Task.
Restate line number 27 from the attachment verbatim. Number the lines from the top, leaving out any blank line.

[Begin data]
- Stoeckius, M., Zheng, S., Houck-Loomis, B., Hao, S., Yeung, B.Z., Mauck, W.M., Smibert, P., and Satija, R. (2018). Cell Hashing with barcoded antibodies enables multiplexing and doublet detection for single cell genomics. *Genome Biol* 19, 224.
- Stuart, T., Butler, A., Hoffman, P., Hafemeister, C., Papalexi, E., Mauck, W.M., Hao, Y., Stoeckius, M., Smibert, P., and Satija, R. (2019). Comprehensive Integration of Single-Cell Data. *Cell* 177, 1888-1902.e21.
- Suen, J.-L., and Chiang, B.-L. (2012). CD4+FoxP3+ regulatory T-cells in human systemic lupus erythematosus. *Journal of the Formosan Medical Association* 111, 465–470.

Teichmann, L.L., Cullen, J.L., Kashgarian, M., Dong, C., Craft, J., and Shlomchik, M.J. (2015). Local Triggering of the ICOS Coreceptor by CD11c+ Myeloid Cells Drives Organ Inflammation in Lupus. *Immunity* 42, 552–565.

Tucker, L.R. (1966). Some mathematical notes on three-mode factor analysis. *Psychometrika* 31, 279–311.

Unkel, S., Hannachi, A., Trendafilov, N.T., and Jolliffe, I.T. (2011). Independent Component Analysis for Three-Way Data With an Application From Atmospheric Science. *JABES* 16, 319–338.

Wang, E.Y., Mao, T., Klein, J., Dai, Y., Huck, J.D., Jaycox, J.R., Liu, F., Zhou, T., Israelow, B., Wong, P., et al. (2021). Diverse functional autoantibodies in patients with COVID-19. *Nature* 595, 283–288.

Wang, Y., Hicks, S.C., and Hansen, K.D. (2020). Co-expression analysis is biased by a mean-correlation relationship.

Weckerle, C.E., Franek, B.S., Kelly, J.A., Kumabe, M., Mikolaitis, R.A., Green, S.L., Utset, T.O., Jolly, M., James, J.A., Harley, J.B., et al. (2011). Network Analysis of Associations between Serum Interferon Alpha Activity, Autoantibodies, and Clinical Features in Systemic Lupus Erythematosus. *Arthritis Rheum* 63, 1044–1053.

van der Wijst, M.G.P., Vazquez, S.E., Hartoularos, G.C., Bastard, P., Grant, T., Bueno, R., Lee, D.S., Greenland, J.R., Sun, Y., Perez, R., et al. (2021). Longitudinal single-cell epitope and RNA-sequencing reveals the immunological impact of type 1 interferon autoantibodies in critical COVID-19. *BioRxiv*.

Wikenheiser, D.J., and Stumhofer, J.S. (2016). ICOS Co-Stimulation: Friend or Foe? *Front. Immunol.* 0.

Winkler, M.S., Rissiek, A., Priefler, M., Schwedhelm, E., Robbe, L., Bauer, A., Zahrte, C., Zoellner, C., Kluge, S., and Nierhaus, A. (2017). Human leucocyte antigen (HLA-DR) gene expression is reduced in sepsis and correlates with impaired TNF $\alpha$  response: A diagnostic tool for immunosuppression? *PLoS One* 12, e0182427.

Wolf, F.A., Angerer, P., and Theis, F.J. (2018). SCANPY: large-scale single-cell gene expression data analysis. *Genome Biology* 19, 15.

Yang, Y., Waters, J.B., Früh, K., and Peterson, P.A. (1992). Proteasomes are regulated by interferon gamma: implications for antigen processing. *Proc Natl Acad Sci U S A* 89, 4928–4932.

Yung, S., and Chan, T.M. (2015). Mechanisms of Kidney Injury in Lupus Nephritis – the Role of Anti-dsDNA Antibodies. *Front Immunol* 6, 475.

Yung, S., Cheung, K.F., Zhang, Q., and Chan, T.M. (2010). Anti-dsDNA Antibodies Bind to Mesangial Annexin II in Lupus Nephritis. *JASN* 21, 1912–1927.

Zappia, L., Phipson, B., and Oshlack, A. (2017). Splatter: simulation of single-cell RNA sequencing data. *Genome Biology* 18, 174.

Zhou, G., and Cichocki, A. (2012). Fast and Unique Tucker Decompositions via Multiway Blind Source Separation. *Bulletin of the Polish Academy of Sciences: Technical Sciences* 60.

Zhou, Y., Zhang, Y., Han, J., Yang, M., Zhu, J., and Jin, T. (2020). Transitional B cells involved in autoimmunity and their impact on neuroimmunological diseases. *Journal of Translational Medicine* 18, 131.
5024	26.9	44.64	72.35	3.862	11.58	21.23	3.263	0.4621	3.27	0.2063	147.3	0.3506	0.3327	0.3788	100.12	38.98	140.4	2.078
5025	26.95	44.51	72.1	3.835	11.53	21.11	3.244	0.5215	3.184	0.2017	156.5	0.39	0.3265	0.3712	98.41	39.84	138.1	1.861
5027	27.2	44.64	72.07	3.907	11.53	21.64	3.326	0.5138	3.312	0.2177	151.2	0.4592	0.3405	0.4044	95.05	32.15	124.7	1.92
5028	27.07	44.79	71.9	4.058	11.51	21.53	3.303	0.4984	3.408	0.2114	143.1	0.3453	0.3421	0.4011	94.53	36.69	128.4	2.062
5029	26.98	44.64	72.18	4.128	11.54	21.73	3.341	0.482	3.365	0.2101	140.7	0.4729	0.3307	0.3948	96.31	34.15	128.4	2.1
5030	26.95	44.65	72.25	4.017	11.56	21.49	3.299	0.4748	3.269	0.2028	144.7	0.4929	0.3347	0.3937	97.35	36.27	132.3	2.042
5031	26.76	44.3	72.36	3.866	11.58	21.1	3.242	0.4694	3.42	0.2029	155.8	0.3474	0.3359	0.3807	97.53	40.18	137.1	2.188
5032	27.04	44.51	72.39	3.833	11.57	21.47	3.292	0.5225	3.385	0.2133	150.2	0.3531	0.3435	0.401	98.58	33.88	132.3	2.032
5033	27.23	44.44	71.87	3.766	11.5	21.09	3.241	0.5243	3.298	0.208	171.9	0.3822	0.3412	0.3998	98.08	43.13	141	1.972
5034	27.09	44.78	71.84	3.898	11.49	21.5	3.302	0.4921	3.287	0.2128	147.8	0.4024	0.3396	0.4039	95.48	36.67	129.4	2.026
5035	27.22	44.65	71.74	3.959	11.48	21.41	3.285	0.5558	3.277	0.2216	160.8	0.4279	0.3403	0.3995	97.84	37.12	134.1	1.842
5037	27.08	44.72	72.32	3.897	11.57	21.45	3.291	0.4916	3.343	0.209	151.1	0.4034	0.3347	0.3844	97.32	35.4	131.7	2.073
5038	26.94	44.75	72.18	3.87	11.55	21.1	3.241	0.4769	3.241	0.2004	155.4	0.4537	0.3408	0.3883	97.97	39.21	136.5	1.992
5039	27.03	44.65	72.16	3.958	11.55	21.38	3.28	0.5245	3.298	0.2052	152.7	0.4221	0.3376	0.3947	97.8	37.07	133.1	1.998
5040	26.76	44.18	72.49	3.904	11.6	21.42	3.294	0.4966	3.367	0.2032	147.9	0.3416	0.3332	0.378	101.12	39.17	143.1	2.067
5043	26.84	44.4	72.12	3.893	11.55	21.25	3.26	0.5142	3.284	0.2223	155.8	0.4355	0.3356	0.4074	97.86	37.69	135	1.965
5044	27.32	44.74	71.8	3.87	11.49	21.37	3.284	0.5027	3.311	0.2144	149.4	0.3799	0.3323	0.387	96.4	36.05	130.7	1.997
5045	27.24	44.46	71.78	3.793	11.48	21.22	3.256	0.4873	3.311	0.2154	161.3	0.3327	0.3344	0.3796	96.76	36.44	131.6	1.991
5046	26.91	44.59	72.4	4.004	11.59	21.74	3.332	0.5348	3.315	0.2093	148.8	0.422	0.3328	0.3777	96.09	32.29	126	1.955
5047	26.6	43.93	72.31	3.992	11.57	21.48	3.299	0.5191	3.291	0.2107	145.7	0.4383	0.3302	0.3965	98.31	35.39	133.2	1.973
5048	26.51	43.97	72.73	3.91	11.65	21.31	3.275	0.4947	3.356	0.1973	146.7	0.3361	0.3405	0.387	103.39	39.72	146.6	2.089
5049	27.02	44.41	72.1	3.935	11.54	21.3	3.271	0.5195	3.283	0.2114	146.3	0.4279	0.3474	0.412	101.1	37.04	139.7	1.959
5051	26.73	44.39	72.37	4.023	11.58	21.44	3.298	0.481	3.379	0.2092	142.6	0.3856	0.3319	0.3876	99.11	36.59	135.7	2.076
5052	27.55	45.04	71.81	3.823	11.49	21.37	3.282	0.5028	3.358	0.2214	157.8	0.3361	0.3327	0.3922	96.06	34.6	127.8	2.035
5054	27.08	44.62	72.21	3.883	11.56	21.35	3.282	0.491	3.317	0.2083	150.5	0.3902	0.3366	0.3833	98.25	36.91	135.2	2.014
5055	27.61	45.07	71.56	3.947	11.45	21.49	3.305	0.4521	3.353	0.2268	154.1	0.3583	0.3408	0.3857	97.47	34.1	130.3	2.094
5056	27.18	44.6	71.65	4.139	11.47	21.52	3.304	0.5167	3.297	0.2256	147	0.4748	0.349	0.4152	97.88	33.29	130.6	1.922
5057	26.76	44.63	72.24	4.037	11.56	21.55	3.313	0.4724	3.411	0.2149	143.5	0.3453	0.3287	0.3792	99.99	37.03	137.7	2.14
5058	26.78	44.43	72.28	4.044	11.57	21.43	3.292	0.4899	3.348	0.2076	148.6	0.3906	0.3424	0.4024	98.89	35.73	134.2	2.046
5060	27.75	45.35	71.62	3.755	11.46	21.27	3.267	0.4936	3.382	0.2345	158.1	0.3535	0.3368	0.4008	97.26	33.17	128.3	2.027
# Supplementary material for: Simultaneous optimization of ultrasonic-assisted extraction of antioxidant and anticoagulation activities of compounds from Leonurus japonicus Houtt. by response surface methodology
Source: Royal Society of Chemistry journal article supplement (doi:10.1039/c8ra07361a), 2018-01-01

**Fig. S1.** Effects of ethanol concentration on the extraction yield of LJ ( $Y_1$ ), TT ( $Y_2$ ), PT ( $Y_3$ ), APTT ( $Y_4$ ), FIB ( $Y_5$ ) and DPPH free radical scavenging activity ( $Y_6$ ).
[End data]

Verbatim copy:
5032	27.04	44.51	72.39	3.833	11.57	21.47	3.292	0.5225	3.385	0.2133	150.2	0.3531	0.3435	0.401	98.58	33.88	132.3	2.032